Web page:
3. The person you are talking to is always worth your time, and you can learn something from everyone you meet.

I’ve covered this before, but for some reason, this is something that comes up at nearly every conference — there is always a story about some blogger who turned up their nose at some other blogger, or a “more important” somebody who cuts to the front of the line (this last one has happened to me on more than one occasion, in fact). Listen: the blogging world is always changing, and who is “important” one day may be insignificant the next, and vice versa. Even if you are so unfamiliar with the rules of common decency as to not find this behavior problematic from a moral perspective, I beg of you to think of your own self-interest: what are you going to do when that person you just snubbed is in charge of some project you want to be a part of?

Here’s an interesting thing: one of the most “important” and well known people in the blogosphere I have the pleasure of knowing is Jenny Lawson, and she is also probably the most welcoming person I’ve ever encountered at a blogging conference. Are these two things unrelated? I don’t think so. When in doubt, think WWJLD?, and you will probably be OK.

4. Every year it gets bigger, but it will seem smaller next time you go.

Unless you have been blogging for years and years before attending your first blogging conference, there’s a good chance that your first experience will seem overwhelming and anonymous. This is particularly true if the first conference you attend is BlogHer View definition in a new window, Blog World Expo, or SxSW. Just accept this ahead of time and don’t let it ruin your experience — you probably won’t know that many people, you probably will have to stick your hand out a million and a half times, and because some people are always acting like douchebags, you probably will come back with some kind of awful story about a snobby blogger of whom you had never heard who refused to talk to you or something equally absurd.

Listen: that is just the first time conference experience at work. We all have to deal with it. Don’t sweat it. Because the next time you go, you will know a billion more people than you did the year before, and you will be laughing about how so-and-so snubbed you. And you’ll be the one reaching out to the girl who doesn’t know anybody. Look at the first trip as reconnaissance and it won’t seem as scary, I promise.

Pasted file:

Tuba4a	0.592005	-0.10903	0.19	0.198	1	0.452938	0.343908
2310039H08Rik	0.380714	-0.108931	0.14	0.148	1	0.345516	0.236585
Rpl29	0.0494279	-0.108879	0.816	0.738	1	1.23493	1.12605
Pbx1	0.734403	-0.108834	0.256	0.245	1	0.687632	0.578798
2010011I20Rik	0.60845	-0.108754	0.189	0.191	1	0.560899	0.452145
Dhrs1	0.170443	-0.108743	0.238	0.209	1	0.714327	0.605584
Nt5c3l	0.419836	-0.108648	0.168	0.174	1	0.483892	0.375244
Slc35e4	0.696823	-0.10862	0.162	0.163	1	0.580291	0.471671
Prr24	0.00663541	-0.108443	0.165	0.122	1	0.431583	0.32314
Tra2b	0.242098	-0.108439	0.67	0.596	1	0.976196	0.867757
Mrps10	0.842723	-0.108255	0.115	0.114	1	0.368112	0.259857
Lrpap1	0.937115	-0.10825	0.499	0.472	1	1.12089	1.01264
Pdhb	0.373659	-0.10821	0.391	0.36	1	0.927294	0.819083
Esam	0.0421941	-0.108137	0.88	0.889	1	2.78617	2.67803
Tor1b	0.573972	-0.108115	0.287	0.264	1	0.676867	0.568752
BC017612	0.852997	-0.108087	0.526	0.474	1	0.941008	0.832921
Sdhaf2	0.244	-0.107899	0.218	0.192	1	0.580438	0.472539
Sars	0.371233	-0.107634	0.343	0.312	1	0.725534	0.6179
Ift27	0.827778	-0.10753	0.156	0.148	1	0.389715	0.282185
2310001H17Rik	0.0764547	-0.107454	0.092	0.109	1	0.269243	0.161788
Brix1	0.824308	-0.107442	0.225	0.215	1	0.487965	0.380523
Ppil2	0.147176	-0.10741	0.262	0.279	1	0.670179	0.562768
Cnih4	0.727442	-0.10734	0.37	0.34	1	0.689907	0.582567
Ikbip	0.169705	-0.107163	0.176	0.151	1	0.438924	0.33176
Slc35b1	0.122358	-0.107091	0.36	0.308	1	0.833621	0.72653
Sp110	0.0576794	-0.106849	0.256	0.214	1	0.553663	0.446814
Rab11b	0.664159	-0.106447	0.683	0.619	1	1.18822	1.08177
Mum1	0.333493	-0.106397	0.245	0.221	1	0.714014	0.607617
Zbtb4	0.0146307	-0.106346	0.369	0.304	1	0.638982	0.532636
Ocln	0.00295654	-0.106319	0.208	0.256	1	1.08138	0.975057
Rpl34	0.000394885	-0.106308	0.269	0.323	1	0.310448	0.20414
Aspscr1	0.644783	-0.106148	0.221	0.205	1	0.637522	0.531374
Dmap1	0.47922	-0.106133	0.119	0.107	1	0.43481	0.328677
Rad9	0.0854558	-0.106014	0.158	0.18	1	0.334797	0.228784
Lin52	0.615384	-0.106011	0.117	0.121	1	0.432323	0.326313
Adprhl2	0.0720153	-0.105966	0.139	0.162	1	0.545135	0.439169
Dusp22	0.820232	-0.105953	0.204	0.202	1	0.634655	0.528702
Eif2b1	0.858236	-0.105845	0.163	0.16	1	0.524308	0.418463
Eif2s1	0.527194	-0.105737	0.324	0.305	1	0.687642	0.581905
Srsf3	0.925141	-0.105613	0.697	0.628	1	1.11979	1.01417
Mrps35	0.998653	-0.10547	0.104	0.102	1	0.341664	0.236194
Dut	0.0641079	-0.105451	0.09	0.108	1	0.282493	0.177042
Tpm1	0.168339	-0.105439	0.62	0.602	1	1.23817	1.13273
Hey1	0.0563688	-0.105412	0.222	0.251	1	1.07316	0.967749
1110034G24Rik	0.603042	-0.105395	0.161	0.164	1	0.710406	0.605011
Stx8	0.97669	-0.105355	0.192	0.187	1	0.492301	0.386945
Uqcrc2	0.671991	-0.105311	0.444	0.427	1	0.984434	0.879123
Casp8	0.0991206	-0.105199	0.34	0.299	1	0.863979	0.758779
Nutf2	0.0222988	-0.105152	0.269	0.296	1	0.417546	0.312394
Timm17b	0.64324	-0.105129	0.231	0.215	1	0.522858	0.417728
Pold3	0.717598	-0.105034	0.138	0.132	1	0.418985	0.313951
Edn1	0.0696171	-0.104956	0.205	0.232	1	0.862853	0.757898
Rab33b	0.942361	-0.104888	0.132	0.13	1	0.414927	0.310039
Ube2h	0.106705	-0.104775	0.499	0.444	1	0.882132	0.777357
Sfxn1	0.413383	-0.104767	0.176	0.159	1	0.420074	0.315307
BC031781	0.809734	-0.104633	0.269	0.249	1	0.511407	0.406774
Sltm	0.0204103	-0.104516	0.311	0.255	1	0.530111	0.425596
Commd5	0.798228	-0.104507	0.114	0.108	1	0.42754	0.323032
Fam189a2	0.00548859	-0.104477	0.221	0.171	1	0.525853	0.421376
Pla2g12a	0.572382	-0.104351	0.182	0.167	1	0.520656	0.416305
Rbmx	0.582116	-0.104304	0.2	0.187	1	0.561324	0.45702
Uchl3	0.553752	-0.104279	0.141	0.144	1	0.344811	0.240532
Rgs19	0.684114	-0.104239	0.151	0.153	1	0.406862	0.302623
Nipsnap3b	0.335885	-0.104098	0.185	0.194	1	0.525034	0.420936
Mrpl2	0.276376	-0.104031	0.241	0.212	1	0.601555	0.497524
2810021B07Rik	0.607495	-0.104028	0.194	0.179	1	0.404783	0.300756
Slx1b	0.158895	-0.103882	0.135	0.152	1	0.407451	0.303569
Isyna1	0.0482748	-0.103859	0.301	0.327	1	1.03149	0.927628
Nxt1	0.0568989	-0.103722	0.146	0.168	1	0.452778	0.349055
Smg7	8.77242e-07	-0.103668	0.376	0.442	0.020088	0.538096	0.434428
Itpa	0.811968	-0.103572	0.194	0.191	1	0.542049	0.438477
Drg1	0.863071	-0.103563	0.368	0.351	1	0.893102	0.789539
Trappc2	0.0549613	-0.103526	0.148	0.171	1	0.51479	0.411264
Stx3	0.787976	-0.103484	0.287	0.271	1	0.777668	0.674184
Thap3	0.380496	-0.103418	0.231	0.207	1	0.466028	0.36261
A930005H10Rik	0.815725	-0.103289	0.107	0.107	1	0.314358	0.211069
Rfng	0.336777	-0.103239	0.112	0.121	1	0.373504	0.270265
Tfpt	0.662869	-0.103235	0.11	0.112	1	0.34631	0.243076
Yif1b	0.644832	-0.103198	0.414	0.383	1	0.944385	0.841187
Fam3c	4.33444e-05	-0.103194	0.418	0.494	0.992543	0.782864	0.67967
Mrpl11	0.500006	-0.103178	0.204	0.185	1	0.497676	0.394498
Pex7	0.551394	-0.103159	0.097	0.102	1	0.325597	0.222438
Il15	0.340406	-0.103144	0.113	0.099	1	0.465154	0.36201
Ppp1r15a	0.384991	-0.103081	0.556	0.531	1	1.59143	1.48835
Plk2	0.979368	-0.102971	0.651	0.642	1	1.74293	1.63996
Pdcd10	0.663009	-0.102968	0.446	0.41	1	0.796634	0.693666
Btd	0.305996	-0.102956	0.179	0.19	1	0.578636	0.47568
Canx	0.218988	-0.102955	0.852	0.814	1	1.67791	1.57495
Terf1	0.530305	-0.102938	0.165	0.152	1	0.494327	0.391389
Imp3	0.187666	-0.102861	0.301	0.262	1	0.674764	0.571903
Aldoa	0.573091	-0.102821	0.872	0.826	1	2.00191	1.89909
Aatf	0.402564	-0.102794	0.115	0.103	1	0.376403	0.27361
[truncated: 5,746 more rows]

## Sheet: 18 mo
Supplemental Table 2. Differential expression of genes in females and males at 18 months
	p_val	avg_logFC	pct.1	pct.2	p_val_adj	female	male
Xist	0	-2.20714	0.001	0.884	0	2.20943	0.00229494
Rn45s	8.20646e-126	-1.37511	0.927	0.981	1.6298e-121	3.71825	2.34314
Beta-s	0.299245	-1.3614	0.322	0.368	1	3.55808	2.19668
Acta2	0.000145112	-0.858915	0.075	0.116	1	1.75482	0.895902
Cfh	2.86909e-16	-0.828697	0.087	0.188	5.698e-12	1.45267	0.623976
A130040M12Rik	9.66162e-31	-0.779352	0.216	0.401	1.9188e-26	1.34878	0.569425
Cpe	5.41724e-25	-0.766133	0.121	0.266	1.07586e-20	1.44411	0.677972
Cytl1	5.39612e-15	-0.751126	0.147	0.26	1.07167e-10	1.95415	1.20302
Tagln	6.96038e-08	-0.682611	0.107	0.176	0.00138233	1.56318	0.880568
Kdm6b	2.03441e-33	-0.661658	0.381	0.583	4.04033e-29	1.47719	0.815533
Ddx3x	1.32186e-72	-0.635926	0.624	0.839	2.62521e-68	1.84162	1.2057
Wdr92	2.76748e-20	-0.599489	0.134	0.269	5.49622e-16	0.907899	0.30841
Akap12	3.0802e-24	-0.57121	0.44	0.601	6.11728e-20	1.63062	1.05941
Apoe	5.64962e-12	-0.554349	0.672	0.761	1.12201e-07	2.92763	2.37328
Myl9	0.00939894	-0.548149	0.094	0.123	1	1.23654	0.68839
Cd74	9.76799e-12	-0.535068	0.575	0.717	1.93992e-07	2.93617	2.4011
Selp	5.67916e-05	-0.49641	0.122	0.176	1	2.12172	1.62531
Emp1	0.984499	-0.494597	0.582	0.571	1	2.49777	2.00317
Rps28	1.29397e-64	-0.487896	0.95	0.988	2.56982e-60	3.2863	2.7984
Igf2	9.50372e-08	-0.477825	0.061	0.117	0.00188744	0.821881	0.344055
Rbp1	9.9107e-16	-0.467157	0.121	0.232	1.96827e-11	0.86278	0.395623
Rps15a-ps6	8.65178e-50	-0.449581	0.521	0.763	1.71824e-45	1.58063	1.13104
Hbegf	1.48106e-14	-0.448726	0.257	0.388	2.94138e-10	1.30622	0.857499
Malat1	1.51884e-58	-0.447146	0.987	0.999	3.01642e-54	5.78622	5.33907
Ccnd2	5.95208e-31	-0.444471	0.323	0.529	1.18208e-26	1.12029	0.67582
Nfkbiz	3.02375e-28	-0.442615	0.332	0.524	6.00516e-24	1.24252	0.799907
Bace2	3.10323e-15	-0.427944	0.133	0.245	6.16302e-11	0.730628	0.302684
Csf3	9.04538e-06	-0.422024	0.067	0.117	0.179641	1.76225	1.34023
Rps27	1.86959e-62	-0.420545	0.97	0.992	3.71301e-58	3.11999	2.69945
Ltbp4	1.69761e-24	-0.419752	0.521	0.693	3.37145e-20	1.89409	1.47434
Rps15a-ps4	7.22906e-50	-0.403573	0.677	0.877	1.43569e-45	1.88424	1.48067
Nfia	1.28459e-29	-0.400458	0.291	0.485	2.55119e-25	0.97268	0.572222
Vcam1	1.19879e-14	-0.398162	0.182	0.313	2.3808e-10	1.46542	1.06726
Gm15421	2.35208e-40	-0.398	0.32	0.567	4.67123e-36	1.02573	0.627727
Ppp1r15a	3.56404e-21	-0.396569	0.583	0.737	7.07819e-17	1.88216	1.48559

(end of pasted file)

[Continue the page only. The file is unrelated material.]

Hey everybody, we’ve got a new featured blogger ad up and running! Please check out Katy’s ad for Thought For Food in the sidebar ASAP! If you’d like to participate in the ABDPBT View definition in a new window Featured Bloggers Program, please email me and I’ll put you on the waiting list.

It was almost a year ago that I attended the Mom 2.0 Summit View definition in a new window in Houston and listened to a keynote address from Heather Armstrong View definition in a new window (Dooce), Maggie Mason View definition in a new window (Mighty Girl), and Gabrielle Blair (Design Mom). Their keynote was excellent. In large part this is why I had been recommending the Mom 2.0 Summit to people who are looking for a more business oriented conference within the mommyblogging space. (Note: I still recommend it for people who haven’t been before, and for whom money is not an object, with some other reservations that are described here. And if you want to buy my ticket for cheap, let me know. Is that tacky? I don’t really care.)

One thing about that keynote keeps sticking in my craw in light of recent events, though. There was a moment during the Q&A in which Heather Armstrong answered a question about the future of monetizing blogs by stating that she did not believe that sponsored posts were “where things were going.” I remember this moment specifically because I had been curious about her take on that particular issue. And yet, here we are not even a year later, and everything is about content campaigns.

Well, I’m stodgy. I don’t like it, and maybe I’m sounding like a broken record, but here’s why.